Instead we came up with this new mechanic which we originally actually called modular instead of magnetic.

The Roar: Just backtracking to mechs; they’re obviously back in a big way. Were you always going to bring in a subtype of minion so heavily in this expansion? Was it always going to be mechs? How did that decision come about to bring them back?

Mike Donais: I think the mad science was something that people were always excited about, and sort of the crazy science. That led us to Dr. Boom’s labs.

Then once we got there, it made sense that there would be some mechs. We weren’t sure exactly if there was gonna be a lot of mechs, or new mech mechanic or not, but we started brainstorming ideas and then that’s how mechs eventually became part of the set, we seemed to like the idea.

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The Roar: The mech and magnetic combo, for fans it’s a bit of a chicken and egg situation; what came first? Was there an idea that we wanted to have minions combining their powers together and then mechs and magnetic was a good landing place for that idea? Or was it the mechs came in, and magnetic was the thing that followed?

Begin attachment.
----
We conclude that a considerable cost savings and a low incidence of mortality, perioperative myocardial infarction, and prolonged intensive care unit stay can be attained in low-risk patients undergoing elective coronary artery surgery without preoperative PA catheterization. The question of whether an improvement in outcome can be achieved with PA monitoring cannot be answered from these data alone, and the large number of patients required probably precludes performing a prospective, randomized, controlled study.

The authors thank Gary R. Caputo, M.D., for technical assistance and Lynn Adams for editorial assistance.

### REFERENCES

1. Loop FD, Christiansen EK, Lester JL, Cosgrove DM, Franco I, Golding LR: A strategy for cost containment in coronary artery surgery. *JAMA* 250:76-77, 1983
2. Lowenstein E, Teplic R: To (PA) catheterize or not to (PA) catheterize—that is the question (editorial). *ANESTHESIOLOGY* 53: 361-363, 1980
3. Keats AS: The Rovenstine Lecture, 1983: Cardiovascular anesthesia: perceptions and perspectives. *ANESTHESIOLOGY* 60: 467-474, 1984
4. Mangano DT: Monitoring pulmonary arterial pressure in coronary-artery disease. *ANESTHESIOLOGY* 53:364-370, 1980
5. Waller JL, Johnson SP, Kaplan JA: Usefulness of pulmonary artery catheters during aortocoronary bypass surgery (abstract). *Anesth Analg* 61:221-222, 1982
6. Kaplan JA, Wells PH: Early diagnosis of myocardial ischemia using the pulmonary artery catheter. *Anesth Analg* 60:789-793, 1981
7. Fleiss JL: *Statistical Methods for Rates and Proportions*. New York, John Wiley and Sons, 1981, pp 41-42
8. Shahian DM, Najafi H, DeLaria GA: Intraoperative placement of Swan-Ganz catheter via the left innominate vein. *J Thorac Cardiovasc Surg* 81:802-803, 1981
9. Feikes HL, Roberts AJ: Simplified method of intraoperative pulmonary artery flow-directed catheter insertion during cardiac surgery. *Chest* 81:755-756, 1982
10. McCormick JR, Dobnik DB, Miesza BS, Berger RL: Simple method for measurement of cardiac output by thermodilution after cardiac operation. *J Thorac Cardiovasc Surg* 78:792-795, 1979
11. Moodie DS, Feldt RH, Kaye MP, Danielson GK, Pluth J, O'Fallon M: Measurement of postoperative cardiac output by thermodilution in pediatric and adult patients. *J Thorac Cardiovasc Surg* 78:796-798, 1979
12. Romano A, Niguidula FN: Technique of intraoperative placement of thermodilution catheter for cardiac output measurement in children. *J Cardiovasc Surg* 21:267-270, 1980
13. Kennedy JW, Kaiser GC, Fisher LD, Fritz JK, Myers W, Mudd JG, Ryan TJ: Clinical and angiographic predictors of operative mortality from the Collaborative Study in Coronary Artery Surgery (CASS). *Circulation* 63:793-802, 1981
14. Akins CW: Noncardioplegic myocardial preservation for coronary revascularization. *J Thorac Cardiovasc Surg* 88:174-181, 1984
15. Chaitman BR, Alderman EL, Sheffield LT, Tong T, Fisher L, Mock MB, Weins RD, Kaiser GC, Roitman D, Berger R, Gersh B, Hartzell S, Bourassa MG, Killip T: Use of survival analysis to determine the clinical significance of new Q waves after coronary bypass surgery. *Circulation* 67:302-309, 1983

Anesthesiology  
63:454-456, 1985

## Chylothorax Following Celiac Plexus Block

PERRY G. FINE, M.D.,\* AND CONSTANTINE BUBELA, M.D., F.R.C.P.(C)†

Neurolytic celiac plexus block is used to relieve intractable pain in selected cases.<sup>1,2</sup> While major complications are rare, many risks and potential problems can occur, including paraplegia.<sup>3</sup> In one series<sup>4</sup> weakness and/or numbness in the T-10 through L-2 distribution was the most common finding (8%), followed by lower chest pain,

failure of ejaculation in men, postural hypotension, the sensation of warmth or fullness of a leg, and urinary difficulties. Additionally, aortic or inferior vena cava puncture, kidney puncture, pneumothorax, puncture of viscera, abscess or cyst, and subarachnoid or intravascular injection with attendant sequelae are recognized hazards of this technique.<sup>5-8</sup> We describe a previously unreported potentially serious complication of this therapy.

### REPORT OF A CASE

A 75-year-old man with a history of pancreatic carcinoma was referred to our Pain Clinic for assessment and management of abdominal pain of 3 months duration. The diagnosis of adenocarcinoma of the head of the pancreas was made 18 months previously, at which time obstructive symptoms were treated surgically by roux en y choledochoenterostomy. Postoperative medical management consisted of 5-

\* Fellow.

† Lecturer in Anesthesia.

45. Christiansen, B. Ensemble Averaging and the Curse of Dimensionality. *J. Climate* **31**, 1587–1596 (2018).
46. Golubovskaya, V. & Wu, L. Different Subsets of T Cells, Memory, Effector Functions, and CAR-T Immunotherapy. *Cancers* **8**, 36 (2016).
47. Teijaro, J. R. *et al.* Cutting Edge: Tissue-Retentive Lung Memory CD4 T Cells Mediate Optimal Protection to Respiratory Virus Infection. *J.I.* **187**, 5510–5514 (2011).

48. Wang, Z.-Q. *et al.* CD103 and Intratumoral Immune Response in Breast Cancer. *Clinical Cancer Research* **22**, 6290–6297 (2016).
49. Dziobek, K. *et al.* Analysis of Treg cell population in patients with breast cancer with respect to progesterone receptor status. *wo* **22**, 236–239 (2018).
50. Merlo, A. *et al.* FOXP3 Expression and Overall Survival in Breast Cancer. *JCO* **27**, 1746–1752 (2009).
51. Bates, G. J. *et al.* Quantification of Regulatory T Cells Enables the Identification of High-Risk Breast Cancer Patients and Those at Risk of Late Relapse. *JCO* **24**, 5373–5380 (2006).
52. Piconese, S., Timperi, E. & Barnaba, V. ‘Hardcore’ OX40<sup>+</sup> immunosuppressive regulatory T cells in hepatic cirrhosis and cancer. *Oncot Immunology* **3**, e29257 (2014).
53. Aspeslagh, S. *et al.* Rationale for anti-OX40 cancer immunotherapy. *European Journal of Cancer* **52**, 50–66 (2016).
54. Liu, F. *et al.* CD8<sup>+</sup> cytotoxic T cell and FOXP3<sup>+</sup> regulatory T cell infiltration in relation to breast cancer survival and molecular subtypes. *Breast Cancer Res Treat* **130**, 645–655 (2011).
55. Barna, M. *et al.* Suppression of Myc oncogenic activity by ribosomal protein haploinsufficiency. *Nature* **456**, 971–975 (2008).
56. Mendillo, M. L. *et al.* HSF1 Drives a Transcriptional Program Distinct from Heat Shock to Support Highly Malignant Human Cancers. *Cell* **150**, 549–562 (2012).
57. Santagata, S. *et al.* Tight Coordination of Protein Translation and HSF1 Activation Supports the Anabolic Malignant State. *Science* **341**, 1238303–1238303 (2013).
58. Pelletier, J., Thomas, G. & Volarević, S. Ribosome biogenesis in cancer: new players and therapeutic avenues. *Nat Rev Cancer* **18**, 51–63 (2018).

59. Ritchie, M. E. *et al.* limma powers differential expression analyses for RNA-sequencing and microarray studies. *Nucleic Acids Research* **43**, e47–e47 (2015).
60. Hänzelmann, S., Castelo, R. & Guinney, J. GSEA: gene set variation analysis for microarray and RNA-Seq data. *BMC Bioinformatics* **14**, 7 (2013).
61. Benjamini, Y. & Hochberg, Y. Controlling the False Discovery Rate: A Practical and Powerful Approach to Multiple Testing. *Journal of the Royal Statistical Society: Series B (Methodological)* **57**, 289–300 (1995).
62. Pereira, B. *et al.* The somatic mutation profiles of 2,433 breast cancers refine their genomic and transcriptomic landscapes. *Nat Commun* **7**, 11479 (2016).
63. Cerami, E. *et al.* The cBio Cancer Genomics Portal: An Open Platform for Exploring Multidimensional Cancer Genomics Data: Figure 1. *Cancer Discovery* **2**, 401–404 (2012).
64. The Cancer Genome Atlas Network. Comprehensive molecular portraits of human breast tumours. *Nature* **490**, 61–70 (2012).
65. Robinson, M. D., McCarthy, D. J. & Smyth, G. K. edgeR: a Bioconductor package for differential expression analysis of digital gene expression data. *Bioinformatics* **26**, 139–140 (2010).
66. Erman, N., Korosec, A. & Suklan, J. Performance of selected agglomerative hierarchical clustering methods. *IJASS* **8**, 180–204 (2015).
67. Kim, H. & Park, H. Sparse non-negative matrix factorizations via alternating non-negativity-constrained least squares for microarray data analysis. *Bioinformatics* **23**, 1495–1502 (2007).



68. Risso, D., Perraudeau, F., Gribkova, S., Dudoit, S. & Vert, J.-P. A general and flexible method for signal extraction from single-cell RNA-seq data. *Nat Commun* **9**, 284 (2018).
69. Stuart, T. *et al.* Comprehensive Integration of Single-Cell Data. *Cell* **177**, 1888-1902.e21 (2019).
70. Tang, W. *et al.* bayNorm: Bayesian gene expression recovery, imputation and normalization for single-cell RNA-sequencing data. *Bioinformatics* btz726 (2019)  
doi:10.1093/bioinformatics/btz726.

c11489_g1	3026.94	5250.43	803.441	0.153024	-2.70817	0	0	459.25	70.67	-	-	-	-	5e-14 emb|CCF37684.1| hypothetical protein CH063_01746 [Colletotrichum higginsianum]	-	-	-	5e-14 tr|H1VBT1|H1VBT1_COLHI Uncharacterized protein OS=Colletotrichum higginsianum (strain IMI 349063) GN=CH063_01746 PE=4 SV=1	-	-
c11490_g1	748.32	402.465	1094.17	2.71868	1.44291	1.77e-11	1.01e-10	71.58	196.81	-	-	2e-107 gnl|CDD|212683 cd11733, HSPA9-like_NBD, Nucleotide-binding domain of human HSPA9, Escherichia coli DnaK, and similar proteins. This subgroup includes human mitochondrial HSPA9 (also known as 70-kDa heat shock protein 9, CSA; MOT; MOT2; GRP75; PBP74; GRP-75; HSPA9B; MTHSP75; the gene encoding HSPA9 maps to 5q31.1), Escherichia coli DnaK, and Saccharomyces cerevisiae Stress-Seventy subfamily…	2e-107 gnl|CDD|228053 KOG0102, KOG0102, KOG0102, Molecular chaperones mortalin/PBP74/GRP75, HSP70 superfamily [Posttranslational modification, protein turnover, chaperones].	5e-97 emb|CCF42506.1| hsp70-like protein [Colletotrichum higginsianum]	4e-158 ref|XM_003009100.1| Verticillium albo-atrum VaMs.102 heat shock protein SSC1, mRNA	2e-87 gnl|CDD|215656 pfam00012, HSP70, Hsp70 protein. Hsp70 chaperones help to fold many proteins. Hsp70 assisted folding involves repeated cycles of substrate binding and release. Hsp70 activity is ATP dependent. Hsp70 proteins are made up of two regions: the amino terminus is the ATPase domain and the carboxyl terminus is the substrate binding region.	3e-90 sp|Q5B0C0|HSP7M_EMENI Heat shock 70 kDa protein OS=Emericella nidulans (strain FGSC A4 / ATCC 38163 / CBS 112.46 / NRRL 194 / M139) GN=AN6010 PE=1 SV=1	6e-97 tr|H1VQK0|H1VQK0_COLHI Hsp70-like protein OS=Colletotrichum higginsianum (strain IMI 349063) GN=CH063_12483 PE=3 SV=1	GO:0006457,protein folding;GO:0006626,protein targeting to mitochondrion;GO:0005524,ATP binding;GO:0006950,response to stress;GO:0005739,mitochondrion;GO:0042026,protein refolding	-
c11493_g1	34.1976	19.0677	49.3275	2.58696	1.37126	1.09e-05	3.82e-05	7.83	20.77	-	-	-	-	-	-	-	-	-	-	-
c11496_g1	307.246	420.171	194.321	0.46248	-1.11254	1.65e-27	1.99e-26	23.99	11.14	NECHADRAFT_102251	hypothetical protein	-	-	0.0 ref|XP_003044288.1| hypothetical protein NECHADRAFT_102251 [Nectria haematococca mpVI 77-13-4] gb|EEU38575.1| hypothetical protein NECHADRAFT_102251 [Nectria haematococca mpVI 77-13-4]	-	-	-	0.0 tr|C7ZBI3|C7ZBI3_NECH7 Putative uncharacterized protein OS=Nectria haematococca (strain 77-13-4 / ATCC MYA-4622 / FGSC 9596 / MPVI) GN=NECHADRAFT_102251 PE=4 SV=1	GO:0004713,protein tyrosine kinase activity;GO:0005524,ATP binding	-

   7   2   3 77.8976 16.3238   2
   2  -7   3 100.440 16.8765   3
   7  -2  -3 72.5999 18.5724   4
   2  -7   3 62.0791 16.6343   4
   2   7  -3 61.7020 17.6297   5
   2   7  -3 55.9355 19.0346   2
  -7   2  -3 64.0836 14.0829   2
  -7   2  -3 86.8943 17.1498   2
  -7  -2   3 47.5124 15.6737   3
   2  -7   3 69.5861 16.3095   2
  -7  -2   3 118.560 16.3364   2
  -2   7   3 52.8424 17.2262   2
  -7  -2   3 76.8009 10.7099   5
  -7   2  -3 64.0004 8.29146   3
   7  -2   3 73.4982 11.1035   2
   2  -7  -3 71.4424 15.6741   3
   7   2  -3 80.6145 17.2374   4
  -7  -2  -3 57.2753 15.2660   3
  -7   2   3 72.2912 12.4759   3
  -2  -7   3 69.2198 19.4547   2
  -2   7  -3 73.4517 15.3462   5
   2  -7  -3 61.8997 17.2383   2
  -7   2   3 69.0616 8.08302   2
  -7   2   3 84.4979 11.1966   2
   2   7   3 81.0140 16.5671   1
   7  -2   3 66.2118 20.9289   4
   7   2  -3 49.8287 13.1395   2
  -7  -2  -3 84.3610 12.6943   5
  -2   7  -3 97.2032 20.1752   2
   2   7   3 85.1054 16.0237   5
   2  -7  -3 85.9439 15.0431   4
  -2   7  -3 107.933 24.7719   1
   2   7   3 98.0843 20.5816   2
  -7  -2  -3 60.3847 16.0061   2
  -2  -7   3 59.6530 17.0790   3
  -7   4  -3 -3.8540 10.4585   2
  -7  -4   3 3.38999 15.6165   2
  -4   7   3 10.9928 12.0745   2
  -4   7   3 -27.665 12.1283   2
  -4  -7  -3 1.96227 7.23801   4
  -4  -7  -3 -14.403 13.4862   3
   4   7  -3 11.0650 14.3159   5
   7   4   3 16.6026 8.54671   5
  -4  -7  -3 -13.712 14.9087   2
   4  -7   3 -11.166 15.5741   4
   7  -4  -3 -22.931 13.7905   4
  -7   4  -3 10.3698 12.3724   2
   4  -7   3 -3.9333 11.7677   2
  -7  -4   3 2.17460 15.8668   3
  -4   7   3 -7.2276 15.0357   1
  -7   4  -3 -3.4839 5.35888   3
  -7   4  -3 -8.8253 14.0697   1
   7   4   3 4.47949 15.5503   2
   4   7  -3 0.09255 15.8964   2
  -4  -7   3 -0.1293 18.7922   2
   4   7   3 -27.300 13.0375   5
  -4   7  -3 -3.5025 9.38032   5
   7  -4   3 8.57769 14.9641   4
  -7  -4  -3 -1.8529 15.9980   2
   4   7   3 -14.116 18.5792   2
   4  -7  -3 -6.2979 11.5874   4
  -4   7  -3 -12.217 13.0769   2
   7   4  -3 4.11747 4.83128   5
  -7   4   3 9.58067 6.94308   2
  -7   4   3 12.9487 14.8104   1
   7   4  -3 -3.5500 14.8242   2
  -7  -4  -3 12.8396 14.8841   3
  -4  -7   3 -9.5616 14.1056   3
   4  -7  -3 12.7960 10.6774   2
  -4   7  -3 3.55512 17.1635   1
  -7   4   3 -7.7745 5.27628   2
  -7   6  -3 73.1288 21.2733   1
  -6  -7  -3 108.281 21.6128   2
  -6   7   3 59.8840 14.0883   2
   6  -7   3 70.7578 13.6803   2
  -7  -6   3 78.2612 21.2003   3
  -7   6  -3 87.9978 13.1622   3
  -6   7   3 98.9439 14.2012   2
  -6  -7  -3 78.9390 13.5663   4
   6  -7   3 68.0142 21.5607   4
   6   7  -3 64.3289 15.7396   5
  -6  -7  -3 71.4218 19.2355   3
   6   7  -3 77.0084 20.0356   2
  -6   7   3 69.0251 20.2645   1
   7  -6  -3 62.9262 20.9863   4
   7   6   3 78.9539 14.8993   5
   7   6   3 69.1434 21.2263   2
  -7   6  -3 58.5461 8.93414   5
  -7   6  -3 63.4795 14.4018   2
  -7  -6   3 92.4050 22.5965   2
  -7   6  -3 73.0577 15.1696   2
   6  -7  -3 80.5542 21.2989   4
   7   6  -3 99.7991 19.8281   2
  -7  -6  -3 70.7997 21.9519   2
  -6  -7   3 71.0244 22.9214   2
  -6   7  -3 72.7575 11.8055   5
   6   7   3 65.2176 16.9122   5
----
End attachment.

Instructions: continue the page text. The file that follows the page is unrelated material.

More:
Mike Donais: The story of Dr. Boom and the mechs came first, then we were brainstorming mechanics that made sense. Everybody loved the sort of V-07-TR-0N fantasy of, assembling a bunch of mechs together into one big awesome thing.

The Roar: And so then, onto magnetic – how did that come about? Was was its playtesting process like?

Mike Donais: It changed a couple different times. So, originally it was called modular, then we wanted to figure out if and how it worked.